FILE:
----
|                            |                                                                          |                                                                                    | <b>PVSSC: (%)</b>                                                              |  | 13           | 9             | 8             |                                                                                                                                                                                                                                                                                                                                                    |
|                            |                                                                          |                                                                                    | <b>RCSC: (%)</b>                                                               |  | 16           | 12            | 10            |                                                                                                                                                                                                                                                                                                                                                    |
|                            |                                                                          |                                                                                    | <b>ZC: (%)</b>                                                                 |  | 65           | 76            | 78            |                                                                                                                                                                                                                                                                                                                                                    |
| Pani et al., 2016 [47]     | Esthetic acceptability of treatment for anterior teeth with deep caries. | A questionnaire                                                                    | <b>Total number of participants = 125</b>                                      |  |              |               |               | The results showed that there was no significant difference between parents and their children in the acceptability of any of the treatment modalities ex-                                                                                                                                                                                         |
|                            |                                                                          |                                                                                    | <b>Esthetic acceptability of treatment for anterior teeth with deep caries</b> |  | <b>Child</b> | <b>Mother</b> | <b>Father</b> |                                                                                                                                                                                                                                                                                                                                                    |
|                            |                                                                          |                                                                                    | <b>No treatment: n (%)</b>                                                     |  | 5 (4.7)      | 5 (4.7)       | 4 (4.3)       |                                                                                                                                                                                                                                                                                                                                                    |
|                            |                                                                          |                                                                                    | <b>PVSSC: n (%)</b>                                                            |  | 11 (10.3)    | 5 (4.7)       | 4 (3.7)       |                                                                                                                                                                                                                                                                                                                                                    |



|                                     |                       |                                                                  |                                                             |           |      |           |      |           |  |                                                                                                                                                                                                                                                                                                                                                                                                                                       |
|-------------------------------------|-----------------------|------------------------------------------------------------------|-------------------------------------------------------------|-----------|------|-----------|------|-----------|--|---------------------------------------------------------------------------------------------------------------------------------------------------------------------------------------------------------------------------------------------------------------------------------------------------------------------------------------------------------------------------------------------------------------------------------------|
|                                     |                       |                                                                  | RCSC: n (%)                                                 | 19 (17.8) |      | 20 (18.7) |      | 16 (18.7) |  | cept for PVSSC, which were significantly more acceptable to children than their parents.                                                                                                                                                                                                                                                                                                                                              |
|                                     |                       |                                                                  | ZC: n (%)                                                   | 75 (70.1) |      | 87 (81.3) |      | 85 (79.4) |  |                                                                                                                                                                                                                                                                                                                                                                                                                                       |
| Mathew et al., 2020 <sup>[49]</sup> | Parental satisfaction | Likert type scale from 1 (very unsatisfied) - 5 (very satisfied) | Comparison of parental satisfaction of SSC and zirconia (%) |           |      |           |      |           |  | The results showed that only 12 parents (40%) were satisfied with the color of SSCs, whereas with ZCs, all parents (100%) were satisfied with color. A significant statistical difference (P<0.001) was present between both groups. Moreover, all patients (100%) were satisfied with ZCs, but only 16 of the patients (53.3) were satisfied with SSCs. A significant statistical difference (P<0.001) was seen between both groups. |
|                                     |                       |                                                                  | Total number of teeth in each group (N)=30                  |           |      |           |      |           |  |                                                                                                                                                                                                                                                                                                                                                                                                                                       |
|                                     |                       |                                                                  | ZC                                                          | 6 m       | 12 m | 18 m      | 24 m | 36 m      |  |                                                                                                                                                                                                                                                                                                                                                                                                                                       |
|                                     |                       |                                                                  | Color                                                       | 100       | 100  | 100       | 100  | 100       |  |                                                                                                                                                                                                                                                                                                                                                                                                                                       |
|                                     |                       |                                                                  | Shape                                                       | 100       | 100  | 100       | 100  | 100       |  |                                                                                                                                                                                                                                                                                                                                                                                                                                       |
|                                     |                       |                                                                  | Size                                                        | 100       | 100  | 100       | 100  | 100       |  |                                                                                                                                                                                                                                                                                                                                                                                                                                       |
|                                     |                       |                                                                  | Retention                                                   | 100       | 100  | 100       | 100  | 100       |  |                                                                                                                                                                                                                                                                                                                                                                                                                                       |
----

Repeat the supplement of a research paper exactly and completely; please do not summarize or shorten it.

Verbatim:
|                            |                                                                          |                                                                                    | <b>PVSSC: (%)</b>                                                              |  | 13           | 9             | 8             |                                                                                                                                                                                                                                                                                                                                                    |
|                            |                                                                          |                                                                                    | <b>RCSC: (%)</b>                                                               |  | 16           | 12            | 10            |                                                                                                                                                                                                                                                                                                                                                    |
|                            |                                                                          |                                                                                    | <b>ZC: (%)</b>                                                                 |  | 65           | 76            | 78            |                                                                                                                                                                                                                                                                                                                                                    |
| Pani et al., 2016 [47]     | Esthetic acceptability of treatment for anterior teeth with deep caries. | A questionnaire                                                                    | <b>Total number of participants = 125</b>                                      |  |              |               |               | The results showed that there was no significant difference between parents and their children in the acceptability of any of the treatment modalities ex-                                                                                                                                                                                         |
|                            |                                                                          |                                                                                    | <b>Esthetic acceptability of treatment for anterior teeth with deep caries</b> |  | <b>Child</b> | <b>Mother</b> | <b>Father</b> |                                                                                                                                                                                                                                                                                                                                                    |
|                            |                                                                          |                                                                                    | <b>No treatment: n (%)</b>                                                     |  | 5 (4.7)      | 5 (4.7)       | 4 (4.3)       |                                                                                                                                                                                                                                                                                                                                                    |
|                            |                                                                          |                                                                                    | <b>PVSSC: n (%)</b>                                                            |  | 11 (10.3)    | 5 (4.7)       | 4 (3.7)       |                                                                                                                                                                                                                                                                                                                                                    |



|                                     |                       |                                                                  |                                                             |           |      |           |      |           |  |                                                                                                                                                                                                                                                                                                                                                                                                                                       |
|-------------------------------------|-----------------------|------------------------------------------------------------------|-------------------------------------------------------------|-----------|------|-----------|------|-----------|--|---------------------------------------------------------------------------------------------------------------------------------------------------------------------------------------------------------------------------------------------------------------------------------------------------------------------------------------------------------------------------------------------------------------------------------------|
|                                     |                       |                                                                  | RCSC: n (%)                                                 | 19 (17.8) |      | 20 (18.7) |      | 16 (18.7) |  | cept for PVSSC, which were significantly more acceptable to children than their parents.                                                                                                                                                                                                                                                                                                                                              |
|                                     |                       |                                                                  | ZC: n (%)                                                   | 75 (70.1) |      | 87 (81.3) |      | 85 (79.4) |  |                                                                                                                                                                                                                                                                                                                                                                                                                                       |
| Mathew et al., 2020 <sup>[49]</sup> | Parental satisfaction | Likert type scale from 1 (very unsatisfied) - 5 (very satisfied) | Comparison of parental satisfaction of SSC and zirconia (%) |           |      |           |      |           |  | The results showed that only 12 parents (40%) were satisfied with the color of SSCs, whereas with ZCs, all parents (100%) were satisfied with color. A significant statistical difference (P<0.001) was present between both groups. Moreover, all patients (100%) were satisfied with ZCs, but only 16 of the patients (53.3) were satisfied with SSCs. A significant statistical difference (P<0.001) was seen between both groups. |
|                                     |                       |                                                                  | Total number of teeth in each group (N)=30                  |           |      |           |      |           |  |                                                                                                                                                                                                                                                                                                                                                                                                                                       |
|                                     |                       |                                                                  | ZC                                                          | 6 m       | 12 m | 18 m      | 24 m | 36 m      |  |                                                                                                                                                                                                                                                                                                                                                                                                                                       |
|                                     |                       |                                                                  | Color                                                       | 100       | 100  | 100       | 100  | 100       |  |                                                                                                                                                                                                                                                                                                                                                                                                                                       |
|                                     |                       |                                                                  | Shape                                                       | 100       | 100  | 100       | 100  | 100       |  |                                                                                                                                                                                                                                                                                                                                                                                                                                       |
|                                     |                       |                                                                  | Size                                                        | 100       | 100  | 100       | 100  | 100       |  |                                                                                                                                                                                                                                                                                                                                                                                                                                       |
|                                     |                       |                                                                  | Retention                                                   | 100       | 100  | 100       | 100  | 100       |  |                                                                                                                                                                                                                                                                                                                                                                                                                                       |